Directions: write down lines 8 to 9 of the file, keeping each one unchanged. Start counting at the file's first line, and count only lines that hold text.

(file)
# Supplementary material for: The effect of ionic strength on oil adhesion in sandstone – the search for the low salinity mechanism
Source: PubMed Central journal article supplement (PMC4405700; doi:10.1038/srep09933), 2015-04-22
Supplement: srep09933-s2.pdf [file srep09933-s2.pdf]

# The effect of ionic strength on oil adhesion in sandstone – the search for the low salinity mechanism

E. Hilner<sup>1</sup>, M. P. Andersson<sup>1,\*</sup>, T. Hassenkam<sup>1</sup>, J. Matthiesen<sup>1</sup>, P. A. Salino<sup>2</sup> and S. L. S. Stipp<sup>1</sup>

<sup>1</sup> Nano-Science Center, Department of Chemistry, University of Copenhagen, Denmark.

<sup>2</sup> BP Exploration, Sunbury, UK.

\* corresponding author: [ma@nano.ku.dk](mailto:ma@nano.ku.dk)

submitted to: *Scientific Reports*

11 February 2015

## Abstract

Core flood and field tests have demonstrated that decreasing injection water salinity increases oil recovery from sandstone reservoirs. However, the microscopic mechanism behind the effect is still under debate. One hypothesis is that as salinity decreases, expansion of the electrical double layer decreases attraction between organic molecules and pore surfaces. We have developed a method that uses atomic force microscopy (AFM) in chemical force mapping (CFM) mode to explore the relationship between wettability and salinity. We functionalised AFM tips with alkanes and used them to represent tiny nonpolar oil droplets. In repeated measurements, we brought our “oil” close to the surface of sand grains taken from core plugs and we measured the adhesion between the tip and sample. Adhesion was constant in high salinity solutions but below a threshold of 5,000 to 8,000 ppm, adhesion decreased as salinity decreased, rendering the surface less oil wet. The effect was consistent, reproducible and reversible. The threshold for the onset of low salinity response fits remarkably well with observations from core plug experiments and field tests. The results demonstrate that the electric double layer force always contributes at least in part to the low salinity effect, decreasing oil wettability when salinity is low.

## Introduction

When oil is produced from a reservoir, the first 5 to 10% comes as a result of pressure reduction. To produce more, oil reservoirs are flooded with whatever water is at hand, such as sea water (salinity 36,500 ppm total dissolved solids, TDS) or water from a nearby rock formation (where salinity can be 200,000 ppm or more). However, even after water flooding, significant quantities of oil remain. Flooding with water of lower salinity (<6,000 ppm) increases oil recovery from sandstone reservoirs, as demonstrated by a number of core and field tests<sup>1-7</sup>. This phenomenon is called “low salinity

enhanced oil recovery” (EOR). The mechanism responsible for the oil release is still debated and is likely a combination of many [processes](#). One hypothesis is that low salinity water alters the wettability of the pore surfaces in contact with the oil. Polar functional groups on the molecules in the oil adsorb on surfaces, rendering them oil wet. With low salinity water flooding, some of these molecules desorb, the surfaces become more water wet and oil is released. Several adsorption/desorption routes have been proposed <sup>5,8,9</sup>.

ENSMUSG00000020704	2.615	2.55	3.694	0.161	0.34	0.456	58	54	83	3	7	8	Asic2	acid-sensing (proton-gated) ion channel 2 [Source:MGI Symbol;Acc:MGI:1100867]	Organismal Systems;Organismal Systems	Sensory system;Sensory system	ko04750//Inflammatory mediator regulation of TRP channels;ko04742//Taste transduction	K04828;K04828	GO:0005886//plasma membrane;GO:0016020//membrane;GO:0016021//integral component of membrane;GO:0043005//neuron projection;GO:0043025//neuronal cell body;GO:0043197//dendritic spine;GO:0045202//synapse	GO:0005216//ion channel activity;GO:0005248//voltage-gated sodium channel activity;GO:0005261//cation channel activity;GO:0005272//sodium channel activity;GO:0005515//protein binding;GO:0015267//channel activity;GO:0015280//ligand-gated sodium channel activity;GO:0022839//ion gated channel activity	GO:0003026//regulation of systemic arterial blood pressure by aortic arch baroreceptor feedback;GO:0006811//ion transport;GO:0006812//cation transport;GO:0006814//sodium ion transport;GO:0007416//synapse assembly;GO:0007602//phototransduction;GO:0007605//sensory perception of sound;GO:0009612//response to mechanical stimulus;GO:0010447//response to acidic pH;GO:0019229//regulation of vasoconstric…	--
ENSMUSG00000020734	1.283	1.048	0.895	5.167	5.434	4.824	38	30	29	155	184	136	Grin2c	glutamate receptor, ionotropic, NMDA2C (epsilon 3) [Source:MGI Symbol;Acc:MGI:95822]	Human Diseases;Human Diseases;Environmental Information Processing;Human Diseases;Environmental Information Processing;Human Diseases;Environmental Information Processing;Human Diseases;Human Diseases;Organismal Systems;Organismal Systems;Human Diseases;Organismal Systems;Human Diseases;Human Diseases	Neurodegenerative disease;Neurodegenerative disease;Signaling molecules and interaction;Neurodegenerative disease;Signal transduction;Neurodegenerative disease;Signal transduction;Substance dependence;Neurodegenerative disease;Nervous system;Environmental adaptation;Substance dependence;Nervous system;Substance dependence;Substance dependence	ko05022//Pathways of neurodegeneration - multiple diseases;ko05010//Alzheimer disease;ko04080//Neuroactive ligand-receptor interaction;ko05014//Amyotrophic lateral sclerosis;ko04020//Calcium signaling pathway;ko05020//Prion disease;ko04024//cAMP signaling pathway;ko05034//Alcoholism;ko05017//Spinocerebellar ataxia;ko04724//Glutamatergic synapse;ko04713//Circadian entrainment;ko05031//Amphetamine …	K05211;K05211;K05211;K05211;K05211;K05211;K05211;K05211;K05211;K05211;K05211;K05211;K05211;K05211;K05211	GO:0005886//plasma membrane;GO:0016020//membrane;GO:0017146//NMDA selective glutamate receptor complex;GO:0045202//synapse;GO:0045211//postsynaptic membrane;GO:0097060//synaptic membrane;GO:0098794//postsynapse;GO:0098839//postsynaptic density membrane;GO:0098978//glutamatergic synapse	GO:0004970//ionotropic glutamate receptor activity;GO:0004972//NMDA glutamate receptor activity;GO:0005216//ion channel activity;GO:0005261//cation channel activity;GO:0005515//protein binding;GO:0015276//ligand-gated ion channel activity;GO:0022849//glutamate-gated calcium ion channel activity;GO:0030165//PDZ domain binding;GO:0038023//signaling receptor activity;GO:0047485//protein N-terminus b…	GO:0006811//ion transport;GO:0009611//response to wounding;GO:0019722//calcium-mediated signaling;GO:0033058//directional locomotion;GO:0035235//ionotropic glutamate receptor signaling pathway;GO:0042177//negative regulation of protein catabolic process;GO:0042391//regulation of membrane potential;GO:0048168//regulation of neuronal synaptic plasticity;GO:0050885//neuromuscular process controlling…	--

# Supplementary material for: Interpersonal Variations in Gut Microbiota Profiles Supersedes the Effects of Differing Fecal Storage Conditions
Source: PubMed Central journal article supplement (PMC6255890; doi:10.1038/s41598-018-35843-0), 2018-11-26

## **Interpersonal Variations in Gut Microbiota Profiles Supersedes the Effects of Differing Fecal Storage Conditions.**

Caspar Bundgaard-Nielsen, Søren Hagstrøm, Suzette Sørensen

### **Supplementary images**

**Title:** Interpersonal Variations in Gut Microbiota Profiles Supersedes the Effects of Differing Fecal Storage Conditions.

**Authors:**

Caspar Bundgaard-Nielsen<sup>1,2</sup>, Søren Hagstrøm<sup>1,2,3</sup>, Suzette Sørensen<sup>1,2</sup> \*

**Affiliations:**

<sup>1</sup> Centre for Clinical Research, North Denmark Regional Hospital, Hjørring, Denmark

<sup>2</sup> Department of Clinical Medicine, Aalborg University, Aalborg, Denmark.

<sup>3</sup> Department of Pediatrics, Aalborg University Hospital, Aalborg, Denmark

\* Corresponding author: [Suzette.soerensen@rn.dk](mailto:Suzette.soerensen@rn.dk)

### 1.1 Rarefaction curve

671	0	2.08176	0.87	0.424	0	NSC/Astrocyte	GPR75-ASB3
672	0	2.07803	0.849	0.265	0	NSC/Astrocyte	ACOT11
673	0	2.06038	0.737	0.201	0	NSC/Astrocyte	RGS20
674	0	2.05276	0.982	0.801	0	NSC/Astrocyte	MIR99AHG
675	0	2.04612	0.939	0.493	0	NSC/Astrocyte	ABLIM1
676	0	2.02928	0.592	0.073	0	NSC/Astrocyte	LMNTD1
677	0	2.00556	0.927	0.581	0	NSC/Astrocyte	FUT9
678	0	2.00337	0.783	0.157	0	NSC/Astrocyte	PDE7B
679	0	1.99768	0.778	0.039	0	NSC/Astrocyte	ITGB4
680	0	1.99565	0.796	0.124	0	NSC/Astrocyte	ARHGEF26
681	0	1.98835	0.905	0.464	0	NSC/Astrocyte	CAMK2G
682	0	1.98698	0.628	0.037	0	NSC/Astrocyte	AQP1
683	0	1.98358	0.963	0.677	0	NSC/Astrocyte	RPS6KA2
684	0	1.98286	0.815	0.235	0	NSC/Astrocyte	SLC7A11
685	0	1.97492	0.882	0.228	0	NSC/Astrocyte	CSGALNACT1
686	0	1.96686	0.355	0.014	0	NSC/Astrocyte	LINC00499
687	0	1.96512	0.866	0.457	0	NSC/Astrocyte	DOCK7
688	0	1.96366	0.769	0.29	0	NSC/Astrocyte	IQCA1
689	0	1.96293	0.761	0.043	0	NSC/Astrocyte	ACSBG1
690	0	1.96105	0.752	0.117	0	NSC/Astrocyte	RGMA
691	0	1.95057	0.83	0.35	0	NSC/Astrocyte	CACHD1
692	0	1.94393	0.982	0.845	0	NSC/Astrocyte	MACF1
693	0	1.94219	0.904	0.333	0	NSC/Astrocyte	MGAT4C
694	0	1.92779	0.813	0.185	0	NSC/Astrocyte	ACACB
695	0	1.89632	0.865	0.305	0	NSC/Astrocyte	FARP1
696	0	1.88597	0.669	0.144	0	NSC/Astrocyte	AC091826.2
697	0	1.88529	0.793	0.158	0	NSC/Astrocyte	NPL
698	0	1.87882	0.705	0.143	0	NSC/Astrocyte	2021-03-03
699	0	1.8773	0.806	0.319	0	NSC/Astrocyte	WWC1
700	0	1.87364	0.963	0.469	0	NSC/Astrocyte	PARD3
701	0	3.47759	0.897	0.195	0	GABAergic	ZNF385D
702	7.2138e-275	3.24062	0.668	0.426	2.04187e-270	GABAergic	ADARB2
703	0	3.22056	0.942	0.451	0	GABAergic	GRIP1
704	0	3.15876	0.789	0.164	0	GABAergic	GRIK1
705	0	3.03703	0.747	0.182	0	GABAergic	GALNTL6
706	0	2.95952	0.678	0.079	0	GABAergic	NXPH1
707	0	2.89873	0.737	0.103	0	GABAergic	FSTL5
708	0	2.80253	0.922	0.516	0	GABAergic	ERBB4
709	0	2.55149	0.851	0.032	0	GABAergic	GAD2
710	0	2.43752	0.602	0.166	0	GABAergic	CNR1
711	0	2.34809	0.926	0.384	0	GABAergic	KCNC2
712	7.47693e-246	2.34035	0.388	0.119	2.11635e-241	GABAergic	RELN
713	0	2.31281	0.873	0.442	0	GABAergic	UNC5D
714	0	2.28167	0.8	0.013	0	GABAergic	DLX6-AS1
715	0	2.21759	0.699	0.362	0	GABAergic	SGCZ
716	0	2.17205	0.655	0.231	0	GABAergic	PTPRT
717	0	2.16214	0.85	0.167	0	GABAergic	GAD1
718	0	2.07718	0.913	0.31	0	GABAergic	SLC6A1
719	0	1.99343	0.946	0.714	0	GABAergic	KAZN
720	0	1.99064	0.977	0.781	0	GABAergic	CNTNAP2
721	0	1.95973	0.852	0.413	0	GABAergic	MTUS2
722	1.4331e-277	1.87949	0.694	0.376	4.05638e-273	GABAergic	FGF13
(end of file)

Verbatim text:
\* corresponding author: [ma@nano.ku.dk](mailto:ma@nano.ku.dk)

submitted to: *Scientific Reports*